Hernandez had been standing trial for continuous sexual assault of a child, a special range felony with a sentencing range of 25 to 99 years or life in prison. That sentence would be “day for day,” meaning there would be no parole, Bird said.

District Judge Steve Ellis and Bird said the aggravated sexual assault charge had been “carved out” of the bottom paragraph of a multi-paragraph indictment that named three victims.

The bottom paragraph to which Bird referred contained an allegation that Hernandez had sexually abused a girl who was a child relative.

 

Risks, benefits

“I can tell you that it’s hard to reach decisions like this,” Bird said of the plea bargain. “It’s not something that we do lightly, because obviously, the emotional side of prosecutors would love to see day-for-day sentences for every sex offender, and the largest (sentence) possible.

“But we have to look at things from a rational perspective: what are the risks if we go forward without an agreement? What are the benefits of reaching an agreement?”

When asked if she had anticipated Wednesday morning that a plea bargain was about to be reached, Bird replied, “It’s always a possibility, during a trial, that if the right situation happens, we may resolve it.”

Benefits of the Hernandez plea bargain included Hernandez’s waiver of appellate rights, Bird said.

“One of the other benefits: he was willing to agree to it before we put on (another) victim,” Bird said. “I didn’t have to put her through the emotional hardship of testifying about what happened to her.” One victim had testified Tuesday, and the state had planned to call the victim from Plainview Wednesday but didn’t have to, Bird said. The state would not have called the youngest victim, she said.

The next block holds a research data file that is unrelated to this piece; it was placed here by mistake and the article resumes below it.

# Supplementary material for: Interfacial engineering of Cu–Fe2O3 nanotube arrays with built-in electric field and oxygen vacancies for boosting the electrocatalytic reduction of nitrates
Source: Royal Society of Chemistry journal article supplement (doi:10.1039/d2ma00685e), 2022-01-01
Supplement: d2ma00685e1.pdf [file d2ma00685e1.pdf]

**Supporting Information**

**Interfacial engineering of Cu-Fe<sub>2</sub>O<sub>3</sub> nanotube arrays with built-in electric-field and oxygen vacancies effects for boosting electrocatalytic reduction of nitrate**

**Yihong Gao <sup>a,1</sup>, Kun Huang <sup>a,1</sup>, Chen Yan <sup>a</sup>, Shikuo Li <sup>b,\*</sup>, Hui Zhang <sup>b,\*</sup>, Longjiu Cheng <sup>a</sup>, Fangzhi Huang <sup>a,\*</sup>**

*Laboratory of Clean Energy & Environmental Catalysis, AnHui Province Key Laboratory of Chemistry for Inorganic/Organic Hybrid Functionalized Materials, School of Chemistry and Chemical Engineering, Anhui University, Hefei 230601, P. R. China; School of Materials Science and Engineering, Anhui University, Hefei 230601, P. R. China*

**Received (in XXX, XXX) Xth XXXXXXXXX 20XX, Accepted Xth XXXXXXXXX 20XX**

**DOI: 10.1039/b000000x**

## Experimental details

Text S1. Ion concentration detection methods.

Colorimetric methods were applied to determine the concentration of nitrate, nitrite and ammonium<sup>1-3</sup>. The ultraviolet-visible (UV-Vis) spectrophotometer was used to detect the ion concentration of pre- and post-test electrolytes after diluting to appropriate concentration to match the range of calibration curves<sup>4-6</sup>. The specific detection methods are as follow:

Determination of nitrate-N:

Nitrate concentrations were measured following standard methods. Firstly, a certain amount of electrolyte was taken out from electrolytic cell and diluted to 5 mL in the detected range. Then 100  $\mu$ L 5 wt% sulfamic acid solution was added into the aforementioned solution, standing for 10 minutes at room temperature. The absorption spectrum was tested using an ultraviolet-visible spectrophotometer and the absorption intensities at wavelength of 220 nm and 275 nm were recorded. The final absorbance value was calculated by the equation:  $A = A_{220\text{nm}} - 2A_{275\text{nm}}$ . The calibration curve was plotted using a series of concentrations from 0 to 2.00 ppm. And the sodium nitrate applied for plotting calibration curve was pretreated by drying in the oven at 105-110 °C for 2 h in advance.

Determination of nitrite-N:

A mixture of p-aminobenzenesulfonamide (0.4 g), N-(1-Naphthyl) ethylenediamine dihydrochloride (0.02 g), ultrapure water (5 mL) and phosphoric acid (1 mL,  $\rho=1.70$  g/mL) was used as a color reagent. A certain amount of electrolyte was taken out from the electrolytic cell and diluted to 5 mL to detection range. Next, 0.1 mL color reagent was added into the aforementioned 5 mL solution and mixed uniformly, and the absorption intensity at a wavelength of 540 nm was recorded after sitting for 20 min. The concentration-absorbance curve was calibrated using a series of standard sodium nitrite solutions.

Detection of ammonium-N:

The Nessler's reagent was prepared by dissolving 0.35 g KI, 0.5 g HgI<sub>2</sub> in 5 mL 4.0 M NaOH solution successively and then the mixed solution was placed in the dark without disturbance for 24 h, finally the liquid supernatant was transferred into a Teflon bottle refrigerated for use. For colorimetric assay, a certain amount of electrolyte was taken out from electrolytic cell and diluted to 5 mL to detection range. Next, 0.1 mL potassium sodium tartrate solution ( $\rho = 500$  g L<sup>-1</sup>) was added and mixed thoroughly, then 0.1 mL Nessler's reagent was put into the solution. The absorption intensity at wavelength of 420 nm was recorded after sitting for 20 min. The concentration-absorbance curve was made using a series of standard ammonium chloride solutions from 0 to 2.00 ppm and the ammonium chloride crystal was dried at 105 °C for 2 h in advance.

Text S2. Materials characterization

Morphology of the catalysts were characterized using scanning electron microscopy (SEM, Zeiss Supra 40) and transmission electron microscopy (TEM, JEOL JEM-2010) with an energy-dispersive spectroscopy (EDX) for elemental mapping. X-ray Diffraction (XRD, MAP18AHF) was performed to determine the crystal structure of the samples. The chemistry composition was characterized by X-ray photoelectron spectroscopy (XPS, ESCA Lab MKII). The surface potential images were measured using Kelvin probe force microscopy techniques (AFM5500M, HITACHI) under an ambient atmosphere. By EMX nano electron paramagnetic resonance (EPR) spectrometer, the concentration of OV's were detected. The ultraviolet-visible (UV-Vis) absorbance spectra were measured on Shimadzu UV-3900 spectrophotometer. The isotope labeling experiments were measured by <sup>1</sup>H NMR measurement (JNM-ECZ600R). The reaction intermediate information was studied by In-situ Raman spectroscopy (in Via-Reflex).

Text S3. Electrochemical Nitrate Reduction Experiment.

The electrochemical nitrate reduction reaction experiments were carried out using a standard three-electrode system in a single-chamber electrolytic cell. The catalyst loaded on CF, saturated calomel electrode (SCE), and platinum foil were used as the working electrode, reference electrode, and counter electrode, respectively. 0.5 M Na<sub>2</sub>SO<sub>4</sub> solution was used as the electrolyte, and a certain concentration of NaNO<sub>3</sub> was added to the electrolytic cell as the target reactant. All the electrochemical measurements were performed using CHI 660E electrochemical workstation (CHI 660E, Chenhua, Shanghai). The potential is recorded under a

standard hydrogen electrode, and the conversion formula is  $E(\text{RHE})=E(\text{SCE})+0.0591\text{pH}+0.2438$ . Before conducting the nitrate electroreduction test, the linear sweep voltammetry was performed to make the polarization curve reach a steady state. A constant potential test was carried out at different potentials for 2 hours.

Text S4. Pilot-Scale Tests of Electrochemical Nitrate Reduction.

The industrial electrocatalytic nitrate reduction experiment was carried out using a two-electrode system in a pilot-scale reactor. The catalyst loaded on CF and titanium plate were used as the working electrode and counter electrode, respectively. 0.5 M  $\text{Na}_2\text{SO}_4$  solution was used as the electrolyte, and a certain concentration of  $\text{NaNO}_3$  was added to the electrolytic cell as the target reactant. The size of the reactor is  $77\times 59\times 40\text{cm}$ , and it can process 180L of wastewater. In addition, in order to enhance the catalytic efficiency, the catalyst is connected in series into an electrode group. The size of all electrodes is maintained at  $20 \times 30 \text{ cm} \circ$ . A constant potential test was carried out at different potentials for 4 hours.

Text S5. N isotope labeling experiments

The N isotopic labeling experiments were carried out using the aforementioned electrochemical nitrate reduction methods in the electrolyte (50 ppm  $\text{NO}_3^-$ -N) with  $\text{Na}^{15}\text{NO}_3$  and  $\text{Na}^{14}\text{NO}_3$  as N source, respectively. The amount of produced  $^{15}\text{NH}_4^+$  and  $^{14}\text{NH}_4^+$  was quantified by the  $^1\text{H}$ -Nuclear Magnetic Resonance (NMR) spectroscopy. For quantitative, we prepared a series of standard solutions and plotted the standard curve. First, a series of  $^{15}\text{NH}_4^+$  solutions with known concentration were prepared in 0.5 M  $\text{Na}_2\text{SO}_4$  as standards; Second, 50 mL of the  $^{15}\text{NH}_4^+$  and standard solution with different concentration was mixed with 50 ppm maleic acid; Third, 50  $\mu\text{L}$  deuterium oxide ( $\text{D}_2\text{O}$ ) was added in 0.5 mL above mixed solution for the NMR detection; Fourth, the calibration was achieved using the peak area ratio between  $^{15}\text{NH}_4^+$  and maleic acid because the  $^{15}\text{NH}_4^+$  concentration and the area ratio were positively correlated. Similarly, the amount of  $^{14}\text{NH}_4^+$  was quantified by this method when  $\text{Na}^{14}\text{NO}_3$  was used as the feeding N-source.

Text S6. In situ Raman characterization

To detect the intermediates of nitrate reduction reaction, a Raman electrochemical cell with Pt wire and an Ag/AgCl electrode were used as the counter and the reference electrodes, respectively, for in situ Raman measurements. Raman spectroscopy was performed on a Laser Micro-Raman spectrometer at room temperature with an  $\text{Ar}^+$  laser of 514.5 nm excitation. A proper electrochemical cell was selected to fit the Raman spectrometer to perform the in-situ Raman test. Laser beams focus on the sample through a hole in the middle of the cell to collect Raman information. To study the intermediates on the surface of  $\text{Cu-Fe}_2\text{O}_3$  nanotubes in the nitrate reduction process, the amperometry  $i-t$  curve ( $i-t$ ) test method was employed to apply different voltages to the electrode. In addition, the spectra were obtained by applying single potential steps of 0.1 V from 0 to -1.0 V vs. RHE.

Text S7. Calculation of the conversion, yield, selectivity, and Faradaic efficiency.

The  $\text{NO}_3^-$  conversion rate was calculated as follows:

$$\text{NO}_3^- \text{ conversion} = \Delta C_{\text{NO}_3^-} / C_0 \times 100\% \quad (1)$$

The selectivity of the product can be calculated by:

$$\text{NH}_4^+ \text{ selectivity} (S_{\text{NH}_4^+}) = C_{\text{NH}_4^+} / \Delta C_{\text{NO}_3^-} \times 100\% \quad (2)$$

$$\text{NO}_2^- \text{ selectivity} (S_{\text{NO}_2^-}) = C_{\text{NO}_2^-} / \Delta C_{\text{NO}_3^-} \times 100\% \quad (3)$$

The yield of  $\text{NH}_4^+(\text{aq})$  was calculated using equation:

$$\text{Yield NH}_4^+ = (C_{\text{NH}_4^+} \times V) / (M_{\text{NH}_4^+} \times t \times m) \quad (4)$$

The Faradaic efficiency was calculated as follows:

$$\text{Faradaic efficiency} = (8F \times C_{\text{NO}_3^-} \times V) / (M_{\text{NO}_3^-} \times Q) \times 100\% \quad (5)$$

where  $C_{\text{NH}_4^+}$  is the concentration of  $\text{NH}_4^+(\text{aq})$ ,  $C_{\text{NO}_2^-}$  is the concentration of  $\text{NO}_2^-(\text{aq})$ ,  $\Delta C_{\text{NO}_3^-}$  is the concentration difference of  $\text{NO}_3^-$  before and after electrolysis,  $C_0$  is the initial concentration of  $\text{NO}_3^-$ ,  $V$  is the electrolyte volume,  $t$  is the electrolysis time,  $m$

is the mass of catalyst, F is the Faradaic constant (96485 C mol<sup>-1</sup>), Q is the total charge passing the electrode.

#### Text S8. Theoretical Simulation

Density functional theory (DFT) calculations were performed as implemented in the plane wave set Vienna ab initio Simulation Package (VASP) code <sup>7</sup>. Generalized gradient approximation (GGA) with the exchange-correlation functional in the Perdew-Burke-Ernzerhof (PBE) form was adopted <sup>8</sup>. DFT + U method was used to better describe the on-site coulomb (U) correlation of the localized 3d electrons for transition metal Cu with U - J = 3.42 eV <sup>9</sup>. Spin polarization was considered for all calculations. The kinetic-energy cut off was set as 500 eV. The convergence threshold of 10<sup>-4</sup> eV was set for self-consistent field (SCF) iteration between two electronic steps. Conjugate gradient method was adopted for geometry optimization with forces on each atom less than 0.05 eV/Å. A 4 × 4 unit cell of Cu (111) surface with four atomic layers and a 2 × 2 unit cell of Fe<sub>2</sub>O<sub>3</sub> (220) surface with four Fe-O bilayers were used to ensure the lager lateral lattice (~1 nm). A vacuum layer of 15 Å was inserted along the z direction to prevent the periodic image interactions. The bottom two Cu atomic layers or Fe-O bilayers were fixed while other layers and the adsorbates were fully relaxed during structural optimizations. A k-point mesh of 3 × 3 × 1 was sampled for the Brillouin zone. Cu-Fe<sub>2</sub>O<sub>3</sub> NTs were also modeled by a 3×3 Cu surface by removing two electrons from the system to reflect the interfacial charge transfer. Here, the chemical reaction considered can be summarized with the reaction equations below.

In deciding to continue a trial, Bird said, “there’s always a risk that a jury may not be able to agree. We could have a hung jury and we could try everything all over again, and make these victims go through everything all over again. There (would be) a risk on appeal that we could get reversed and come back and have to try it all over again.

“When we look at whether or not to plead someone, we are evaluating, how much damage will it do if we can’t succeed as well as well as we would like to?”

 

‘I knew it was a possibility’

She said it’s possible Hernandez will serve less time with the plea bargain than he would with a day-for-day continuous sexual abuse sentence.

“Is it probable? I don’t know,” Bird said. “Then you start having to get into a lot of factors that are very difficult to predict. It is possible that he may have to all 30 years day-for-day on this sentence because, even though he becomes parole eligible, a parole board may look at it and say ‘no we’re not going to let you out.’